In its 10-year, 2014 Solid Waste Management Plan, the county included a goal to reach a 75 percent diversion rate by 2030, but DeLuca admits that goal is lofty.
To help reach the 2020 goal, DeLuca said the department is launching an education campaign on what material can be recycled. “Know Before You Throw” will help residents learn some key recycling know-hows, including not to recycle light bulbs, plastic foam containers or propane canisters. Wilcom said the department is also hoping to bring more businesses into the fold, including getting them to voluntarily report to the county the amount they recycle, to give the county a more accurate idea of how much waste is being diverted.
“If we could reduce the percentage going to the landfill by 25 percent that would be huge for us, that would definitely move the needle,” DeLuca said.
Education is also at the heart of the work of the Office of Community Sustainability, celebrating its 10th anniversary.
Director Jim Caldwell said the department is in the midst of launching advanced outreach and education programs to help residents better understand everything from the importance of reusable grocery bags to why they should help protect the county’s recently established Green Infrastructure Network, a map of the area’s most coveted natural landscapes.
A focus on outreach is an alternative to implementing county regulations akin to what surrounding localities have done. Montgomery County and Washington, D.C. have 5-cent charges on plastic bags in stores and in March, the Baltimore City Council passed a ban on Styrofoam containers in restaurants.
Rather than work to pass such policies, Caldwell said he’s focused on showing people why making those choices on their own is beneficial.
“All these programs are education programs to try to get people to understand, so we don’t have to regulate,” Caldwell said.
While County Executive Allan Kittleman said he’s not considering proposing any plastic foam or plastic bag regulations, Sierra Club Howard County executive committee member Carolyn Parsa, who also serves on the county’s Environmental Sustainability Board, said it’s time for new policies.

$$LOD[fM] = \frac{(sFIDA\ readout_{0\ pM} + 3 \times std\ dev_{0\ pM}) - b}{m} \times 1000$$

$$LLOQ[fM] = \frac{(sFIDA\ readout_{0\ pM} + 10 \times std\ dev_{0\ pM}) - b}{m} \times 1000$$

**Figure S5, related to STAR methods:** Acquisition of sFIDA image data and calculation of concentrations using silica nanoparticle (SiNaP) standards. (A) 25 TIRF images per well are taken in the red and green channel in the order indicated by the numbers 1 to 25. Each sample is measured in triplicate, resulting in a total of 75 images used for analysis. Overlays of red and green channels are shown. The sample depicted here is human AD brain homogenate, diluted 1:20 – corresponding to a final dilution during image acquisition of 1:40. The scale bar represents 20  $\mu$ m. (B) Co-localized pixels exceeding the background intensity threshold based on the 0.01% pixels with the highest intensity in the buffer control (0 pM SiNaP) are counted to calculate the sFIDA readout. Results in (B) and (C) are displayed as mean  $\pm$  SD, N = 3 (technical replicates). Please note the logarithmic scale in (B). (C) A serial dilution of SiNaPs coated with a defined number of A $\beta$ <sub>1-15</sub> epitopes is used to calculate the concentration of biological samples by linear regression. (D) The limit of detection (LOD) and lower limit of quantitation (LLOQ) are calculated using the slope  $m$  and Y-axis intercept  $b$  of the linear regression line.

The Sierra Club, in conjunction with the progressive group IndivisibleHoCoMD, is planning to submit a proposition to the County Council to implement a bag fee, Parsa said. The group is waiting until the council’s new members take office to bring forward the initiative sometime this coming winter.
“As soon you put in a fee, it’s amazing how quickly people don’t want to pay that and bring their own bags,” she said. “So yeah, I think it is time to put something down that’s more comprehensive and it’ll initiate change and have an impact.”
The other major development in the Office of Community Sustainability is the addition of a director of energy, a first for the county. The director will focus on researching and implementing best practices to reduce the county’s carbon footprint and increase its renewable energy use, Caldwell said.
By bringing on a full-time energy expert, Caldwell said the department will be able to work towards meeting more of these goals. The department laid out seven energy benchmarks with 2020 deadlines in a 2015 Climate Action Plan, but Caldwell said that without a designated energy expert, the county’s been in a “holding pattern” and that not as much progress on the goals has been made recently.
Applications for the position were open this month and Caldwell said he hopes to bring on the energy director later this spring, who will help push the county to the next level on sustainability. One of the director’s first tasks will be to assess the county’s energy use and update its climate action plan.
“I’m very excited,” Caldwell said. “The one thing in my career that I’ve always tried to do is be really innovative, and I’m very excited to continue that push, we want to be on the leading edge.”